My last week in Netherlands the weather turned cold and rainy. That depressing gray drizzle that you can walk about in, go to the grocery store or bank in, but you would rather lounge on the sofa, drinking hot Jasmine tea, and reading the second book in the Isabel Dalhousie series by Alexandar McCall Smith. Sounds ideal, but instead I found myself catering to bored, cabin-fevered children. Oh, if only Nickelodeon’s “Wonder Pets” could have played all day. Plus N had business trips to Switzerland and Sweden.
Coming back from Switzerland, he and his GPS girlfriend had a falling out. I knew it would be so–those intense love affairs burn out so quickly. He had refused to slavishly follow her desires. They got into a fight in the snowy Ardennes; and she said in that crisp, clear voice of hers “unable to navigate further” and shut off.
I went back into old city of Maastricht to visit the St. Servaas Basilica built upon the remains of Saint Servatius buried in 384.
I wrote a small piece to my friend about the experience. I will include it here:
I’m drawn to old places of worship, even those small, harsh churches in the rural places with the straight boards painted white and stove to heat the cold congregations. The air is thicker in these places. I feel buoyant, like in waters of old prayers–the most earnest of prayers–still bleeding, vivid, not diluted to benign by some reproduction of print technology. N feels this tangible energy at battlefield sites. Sometimes he knows he is on a battlefield before he even stumbles across a placard or marker. We make quite a traveling pair.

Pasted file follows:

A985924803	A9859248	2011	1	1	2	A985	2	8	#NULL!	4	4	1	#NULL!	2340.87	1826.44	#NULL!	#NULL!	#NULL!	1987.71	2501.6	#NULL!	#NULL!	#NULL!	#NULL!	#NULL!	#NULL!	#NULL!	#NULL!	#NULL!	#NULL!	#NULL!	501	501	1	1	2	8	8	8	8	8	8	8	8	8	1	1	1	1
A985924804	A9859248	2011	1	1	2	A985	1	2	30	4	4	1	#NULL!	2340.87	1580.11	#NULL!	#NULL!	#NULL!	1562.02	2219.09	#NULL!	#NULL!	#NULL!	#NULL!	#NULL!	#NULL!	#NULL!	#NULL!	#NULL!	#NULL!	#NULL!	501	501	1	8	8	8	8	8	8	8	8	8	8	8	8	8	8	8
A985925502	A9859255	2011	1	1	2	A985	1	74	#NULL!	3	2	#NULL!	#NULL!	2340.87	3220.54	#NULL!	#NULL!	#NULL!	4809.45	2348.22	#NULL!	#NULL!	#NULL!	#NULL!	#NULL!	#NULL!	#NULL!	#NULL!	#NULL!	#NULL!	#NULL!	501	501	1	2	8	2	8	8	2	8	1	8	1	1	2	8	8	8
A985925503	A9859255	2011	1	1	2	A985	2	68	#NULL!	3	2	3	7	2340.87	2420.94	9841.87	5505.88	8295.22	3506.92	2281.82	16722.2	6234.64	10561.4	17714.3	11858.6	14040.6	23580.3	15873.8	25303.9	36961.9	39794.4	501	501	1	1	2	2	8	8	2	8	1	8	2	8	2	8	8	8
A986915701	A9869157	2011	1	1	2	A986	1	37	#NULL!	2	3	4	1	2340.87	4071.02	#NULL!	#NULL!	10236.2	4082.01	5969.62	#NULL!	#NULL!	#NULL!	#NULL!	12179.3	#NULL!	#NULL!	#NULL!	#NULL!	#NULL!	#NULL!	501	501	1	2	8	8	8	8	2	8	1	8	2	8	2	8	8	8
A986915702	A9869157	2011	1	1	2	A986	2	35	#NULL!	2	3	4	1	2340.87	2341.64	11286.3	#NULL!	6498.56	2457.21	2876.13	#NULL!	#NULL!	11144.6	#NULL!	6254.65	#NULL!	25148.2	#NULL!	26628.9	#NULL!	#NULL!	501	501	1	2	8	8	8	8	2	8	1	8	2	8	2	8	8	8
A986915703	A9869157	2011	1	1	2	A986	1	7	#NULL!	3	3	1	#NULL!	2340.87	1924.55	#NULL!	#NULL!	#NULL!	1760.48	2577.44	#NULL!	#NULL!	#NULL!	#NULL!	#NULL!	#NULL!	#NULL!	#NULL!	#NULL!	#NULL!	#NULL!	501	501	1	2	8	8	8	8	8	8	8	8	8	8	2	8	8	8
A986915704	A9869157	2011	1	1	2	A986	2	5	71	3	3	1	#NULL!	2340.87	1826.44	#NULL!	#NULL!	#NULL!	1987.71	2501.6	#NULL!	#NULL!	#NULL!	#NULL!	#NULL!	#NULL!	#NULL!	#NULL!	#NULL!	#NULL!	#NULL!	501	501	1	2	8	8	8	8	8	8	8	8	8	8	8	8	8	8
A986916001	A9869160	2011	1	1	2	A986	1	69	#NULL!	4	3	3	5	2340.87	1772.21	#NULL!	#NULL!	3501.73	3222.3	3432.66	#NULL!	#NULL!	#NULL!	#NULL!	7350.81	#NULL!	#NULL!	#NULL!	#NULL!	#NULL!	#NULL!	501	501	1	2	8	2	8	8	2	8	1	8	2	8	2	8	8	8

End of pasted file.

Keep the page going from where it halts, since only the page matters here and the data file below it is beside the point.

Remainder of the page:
Saint Servaas Basilica was empty except for my family and the two kind ladies cleaning Mary as the “Seat of Wisdom” with rags. How casually their hands wiped the sacred object I just read about in the little brochure the man in the booth gave me.
This basilica, a rather plain, unspectacular specimen compared to its neighboring cathedrals, held a special treat for me, the music lover. The organist was practicing that afternoon. I remembered my college choir director explaining the composers of old wrote music for these cavernous cathedrals and basilicas, knowing the sound drifted to the ceiling and echoed in the concaves. Listen to a “Palestrina” piece sung by “Tallis Scholars” on YouTube. As I watched the organist’s fingers twist about the keyboards, above me, these invisible analog waves played, splashing about, making joyful noises in the ceiling.
Once workers had hoisted themselves to these heights to install the ceiling. In 1500, they didn’t have OSHA regulations; these men risked their lives to put a brick in place.
Again a mystery returns to me, some epiphany I can’t seem to articulate. It started in the Bruges Cathedral. This is an edge of it:
My eyes will pass over the massive stain glass; and I will think how majestic, how beautiful the warm reds and oranges shine like sunlight refracted in rain onto the dark stone interior. I will not come closer to study the tiny detail one skilled hand must have labored over to craft the flowing folds of Jesus’ sleeve as he held up the cup of his blood. In a matter of seconds, I will pass the window of Jesus at the last supper to another stain glass masterpiece: the ever redundant scene of Jesus on Mary’s lap. In my mind’s messy file system, these windows will merge to a single amalgamation of all the stain glass I have ever seen.
But I must be reverent in these places, even if I don’t appreciate the position of Jesus’ falling sleeve, or remember the exact gold sculpture of Jesus on the cross hovering over the altar. For in the concaves above me echo the ernest prayers of brick layers, composers, stain glass masters, pilgrims crawling on their knees, and generations of worshipers.